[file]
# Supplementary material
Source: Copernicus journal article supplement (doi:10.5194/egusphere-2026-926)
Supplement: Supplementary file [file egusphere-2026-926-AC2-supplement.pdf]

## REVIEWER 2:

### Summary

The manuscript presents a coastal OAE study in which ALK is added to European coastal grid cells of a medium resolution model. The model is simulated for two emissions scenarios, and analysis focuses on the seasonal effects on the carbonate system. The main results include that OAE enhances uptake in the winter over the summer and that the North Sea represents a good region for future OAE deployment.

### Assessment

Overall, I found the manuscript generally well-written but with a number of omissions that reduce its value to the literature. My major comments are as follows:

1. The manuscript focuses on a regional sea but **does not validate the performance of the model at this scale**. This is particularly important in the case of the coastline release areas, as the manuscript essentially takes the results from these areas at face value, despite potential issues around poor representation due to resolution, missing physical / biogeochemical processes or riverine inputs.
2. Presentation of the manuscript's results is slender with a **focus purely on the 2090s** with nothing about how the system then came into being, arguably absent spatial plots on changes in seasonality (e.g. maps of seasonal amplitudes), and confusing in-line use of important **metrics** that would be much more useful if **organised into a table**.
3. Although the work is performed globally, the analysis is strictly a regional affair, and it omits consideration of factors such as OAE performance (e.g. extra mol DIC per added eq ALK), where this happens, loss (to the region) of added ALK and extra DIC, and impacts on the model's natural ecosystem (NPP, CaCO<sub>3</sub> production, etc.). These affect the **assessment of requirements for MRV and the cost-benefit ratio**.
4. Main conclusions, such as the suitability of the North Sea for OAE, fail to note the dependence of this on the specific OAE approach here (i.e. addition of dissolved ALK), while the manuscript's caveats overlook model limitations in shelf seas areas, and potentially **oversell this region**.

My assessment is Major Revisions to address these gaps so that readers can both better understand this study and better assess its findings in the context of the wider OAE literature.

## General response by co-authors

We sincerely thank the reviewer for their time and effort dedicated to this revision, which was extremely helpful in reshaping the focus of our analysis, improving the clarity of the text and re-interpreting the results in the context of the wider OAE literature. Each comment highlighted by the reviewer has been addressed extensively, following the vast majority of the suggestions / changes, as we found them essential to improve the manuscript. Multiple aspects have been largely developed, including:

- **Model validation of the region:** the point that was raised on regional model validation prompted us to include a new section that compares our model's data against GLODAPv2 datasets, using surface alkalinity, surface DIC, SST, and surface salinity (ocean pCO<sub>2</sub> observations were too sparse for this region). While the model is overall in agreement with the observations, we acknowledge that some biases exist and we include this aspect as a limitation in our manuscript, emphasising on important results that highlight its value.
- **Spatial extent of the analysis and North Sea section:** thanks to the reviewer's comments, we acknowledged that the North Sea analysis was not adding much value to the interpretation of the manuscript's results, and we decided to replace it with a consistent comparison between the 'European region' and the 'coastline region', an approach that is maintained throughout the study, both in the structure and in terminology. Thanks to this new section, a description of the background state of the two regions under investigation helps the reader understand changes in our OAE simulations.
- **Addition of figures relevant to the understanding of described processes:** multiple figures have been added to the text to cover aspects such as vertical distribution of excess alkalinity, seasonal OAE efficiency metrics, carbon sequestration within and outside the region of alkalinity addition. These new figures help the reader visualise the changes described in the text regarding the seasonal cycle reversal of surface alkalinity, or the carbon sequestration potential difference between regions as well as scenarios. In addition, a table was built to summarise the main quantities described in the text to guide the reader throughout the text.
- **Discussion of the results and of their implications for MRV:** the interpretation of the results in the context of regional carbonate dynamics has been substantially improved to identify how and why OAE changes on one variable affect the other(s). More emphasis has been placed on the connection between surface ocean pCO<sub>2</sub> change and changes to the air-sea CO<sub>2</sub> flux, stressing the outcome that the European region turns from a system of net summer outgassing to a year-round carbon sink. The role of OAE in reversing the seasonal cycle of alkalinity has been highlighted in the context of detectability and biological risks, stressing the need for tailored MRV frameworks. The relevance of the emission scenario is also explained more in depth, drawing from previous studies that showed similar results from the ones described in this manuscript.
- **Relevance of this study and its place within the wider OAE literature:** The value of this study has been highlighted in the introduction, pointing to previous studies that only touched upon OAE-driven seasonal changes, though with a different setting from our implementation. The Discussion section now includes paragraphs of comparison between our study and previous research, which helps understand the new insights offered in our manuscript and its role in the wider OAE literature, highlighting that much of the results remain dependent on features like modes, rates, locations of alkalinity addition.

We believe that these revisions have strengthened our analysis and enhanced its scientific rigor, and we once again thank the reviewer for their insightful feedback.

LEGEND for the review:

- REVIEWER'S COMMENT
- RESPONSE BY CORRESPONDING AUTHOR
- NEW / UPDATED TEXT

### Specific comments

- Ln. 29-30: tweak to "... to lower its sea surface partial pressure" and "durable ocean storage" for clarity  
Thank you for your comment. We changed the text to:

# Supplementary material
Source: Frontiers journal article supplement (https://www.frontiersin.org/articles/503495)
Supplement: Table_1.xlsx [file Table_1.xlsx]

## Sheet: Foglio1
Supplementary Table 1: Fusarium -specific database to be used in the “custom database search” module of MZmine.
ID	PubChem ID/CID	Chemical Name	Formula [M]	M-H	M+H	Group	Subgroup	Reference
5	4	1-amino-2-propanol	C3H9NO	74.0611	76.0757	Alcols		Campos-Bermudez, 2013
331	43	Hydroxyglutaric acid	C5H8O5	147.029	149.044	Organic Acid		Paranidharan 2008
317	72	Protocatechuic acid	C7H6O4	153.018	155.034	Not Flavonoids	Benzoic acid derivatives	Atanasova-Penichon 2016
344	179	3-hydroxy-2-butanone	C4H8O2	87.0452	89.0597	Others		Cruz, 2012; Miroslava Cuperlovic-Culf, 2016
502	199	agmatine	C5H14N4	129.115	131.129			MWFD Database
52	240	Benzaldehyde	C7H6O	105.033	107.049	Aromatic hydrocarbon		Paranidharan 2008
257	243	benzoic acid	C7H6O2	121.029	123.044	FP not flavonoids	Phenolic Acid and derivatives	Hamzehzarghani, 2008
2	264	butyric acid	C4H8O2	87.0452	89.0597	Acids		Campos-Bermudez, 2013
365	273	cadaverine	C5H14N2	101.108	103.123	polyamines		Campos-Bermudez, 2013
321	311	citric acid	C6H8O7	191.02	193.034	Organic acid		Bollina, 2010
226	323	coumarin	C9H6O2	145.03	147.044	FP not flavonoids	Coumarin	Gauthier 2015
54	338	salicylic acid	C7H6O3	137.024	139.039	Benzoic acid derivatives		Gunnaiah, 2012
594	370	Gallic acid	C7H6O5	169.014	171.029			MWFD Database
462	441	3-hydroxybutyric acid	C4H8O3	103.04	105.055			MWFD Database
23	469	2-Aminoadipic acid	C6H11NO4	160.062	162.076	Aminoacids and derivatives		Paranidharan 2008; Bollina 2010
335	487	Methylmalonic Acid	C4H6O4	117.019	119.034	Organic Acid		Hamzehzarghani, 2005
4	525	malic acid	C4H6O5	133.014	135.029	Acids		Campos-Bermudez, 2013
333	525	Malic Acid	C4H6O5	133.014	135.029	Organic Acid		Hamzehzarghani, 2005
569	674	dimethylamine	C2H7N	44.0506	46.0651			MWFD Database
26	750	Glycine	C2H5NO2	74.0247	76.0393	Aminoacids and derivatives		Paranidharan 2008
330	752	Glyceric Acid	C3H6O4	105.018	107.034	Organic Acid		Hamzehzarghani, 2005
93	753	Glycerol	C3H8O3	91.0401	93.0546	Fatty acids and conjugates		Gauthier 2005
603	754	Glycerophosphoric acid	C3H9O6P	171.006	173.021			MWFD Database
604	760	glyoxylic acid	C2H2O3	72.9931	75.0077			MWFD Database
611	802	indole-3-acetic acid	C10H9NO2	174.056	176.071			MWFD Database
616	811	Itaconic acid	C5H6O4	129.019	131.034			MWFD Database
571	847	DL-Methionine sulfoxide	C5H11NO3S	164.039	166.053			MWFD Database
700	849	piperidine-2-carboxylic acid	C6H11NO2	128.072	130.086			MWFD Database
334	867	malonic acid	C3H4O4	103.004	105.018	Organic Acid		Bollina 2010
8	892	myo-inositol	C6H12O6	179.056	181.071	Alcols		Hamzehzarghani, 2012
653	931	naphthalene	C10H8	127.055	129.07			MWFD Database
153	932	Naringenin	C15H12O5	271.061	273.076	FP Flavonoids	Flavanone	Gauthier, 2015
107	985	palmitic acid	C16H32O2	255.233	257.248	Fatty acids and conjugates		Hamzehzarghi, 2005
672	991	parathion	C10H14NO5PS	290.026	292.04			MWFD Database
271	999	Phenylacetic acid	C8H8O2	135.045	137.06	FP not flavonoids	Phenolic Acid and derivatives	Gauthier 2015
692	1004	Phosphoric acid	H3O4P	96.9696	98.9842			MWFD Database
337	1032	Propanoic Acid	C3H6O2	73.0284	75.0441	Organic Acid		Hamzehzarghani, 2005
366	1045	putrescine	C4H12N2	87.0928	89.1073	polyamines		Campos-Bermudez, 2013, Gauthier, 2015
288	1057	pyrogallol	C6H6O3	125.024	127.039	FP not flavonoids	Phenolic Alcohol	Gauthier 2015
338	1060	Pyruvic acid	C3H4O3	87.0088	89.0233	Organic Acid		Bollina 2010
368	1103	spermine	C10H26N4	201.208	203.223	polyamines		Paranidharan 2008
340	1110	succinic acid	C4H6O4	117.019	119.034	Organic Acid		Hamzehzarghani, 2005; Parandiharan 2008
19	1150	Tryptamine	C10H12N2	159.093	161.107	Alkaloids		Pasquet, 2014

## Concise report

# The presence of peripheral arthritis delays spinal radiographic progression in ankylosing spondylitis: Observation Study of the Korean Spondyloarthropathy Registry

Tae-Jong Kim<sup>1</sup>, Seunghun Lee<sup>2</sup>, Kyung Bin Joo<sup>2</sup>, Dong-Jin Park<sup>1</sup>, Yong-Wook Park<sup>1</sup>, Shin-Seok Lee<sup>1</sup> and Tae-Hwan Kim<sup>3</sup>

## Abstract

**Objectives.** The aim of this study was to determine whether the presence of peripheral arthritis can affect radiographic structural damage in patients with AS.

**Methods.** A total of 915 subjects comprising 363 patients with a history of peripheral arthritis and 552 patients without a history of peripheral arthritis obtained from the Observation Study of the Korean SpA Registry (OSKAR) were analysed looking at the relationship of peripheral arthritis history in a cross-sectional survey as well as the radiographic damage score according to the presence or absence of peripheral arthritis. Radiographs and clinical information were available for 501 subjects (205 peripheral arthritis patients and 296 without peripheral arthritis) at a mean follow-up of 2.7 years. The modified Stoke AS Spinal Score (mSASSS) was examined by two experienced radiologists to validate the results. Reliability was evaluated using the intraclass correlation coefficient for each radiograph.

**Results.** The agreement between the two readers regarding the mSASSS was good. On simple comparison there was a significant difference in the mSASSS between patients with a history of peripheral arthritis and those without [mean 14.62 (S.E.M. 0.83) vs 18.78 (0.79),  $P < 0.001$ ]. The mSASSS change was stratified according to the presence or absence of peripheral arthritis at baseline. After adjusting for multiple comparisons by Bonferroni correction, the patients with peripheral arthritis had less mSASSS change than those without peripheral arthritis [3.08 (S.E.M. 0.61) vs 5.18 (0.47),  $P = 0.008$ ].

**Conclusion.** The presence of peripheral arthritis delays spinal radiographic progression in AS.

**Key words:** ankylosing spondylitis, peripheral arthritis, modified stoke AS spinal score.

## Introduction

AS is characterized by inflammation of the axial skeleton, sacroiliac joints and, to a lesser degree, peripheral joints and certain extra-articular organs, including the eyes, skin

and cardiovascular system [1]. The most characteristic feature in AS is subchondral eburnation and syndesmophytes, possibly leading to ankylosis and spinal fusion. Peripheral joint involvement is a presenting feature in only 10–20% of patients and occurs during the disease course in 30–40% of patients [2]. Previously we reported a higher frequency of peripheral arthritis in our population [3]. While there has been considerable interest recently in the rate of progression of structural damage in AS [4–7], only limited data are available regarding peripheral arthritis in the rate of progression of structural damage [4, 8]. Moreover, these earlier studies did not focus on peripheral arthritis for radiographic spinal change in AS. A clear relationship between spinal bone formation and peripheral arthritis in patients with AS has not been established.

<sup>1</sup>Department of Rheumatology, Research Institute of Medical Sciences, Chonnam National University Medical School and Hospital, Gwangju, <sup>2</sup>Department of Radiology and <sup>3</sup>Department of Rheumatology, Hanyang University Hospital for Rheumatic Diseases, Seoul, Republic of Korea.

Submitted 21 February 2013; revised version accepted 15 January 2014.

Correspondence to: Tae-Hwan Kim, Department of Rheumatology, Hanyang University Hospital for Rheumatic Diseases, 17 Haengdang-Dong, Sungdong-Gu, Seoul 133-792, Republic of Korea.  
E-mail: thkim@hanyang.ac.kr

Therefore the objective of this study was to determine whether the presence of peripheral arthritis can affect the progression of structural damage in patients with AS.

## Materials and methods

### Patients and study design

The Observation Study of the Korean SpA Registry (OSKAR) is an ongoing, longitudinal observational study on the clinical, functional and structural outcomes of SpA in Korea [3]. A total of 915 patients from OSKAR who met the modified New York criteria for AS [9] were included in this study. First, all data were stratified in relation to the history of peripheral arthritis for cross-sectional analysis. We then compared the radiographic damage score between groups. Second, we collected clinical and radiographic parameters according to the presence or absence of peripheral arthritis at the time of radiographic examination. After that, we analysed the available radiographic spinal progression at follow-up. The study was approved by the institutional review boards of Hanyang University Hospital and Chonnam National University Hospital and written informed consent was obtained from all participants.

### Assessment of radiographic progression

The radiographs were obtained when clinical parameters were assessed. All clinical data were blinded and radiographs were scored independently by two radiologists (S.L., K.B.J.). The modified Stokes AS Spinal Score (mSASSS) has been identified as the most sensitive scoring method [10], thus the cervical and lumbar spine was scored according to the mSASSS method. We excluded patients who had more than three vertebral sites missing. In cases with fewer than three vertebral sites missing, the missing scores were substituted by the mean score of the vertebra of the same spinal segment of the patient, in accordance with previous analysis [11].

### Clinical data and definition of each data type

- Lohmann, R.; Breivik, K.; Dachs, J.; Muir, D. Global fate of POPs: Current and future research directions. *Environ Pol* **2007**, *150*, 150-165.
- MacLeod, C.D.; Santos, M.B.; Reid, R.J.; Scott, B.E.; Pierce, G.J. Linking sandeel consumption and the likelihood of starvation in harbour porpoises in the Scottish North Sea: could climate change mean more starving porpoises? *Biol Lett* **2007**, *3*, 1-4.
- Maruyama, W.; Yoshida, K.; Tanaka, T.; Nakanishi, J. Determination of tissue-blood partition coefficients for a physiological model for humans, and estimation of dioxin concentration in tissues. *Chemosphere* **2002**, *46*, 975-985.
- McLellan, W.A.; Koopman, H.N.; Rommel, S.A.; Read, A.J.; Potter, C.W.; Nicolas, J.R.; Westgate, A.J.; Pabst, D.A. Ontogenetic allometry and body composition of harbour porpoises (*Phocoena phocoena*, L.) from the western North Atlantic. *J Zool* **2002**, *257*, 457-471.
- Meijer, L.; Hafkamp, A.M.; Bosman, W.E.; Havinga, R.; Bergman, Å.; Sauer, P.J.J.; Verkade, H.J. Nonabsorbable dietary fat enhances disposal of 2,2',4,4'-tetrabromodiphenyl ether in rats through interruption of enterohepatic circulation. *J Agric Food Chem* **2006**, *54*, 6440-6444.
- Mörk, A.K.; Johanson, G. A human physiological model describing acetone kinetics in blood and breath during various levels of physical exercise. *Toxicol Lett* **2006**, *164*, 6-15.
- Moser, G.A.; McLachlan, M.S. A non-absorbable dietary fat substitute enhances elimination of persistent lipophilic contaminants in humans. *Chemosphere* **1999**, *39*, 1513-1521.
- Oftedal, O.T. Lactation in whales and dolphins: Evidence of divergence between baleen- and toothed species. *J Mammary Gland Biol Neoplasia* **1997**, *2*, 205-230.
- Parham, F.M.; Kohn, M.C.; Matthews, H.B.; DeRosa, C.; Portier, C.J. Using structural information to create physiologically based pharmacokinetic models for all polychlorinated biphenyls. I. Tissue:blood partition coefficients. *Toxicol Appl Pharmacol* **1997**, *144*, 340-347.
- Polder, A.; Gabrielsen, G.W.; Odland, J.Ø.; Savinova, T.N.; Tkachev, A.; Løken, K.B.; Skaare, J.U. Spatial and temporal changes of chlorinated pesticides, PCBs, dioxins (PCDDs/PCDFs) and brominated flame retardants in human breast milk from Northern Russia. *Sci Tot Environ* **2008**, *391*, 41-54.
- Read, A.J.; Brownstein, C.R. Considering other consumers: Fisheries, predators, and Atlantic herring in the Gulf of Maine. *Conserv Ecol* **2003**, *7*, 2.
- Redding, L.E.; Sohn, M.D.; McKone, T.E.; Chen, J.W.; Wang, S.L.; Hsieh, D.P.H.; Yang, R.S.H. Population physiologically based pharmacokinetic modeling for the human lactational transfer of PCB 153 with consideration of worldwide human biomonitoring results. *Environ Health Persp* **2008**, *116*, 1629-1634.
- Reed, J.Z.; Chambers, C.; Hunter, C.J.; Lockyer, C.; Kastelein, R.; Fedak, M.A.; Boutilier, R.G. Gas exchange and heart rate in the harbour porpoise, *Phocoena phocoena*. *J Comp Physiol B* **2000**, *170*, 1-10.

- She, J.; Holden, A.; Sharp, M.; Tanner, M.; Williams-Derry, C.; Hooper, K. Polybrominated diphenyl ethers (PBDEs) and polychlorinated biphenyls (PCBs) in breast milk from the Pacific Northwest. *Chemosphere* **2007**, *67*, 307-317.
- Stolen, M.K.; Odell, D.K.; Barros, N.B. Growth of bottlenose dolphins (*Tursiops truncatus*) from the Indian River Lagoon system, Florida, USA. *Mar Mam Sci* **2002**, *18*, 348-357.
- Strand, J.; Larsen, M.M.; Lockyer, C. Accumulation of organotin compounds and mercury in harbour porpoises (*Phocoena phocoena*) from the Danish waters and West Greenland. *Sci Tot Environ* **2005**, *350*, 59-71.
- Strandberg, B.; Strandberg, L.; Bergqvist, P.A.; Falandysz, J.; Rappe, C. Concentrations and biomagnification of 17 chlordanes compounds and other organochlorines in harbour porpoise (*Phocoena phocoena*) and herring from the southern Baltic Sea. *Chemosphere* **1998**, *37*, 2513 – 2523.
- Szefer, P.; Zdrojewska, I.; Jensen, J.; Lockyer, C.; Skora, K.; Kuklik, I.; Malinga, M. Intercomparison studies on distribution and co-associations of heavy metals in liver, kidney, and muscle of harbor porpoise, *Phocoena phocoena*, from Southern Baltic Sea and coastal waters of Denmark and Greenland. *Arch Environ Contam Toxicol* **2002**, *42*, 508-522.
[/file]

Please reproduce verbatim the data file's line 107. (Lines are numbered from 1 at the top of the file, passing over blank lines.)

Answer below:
- Moser, G.A.; McLachlan, M.S. A non-absorbable dietary fat substitute enhances elimination of persistent lipophilic contaminants in humans. *Chemosphere* **1999**, *39*, 1513-1521.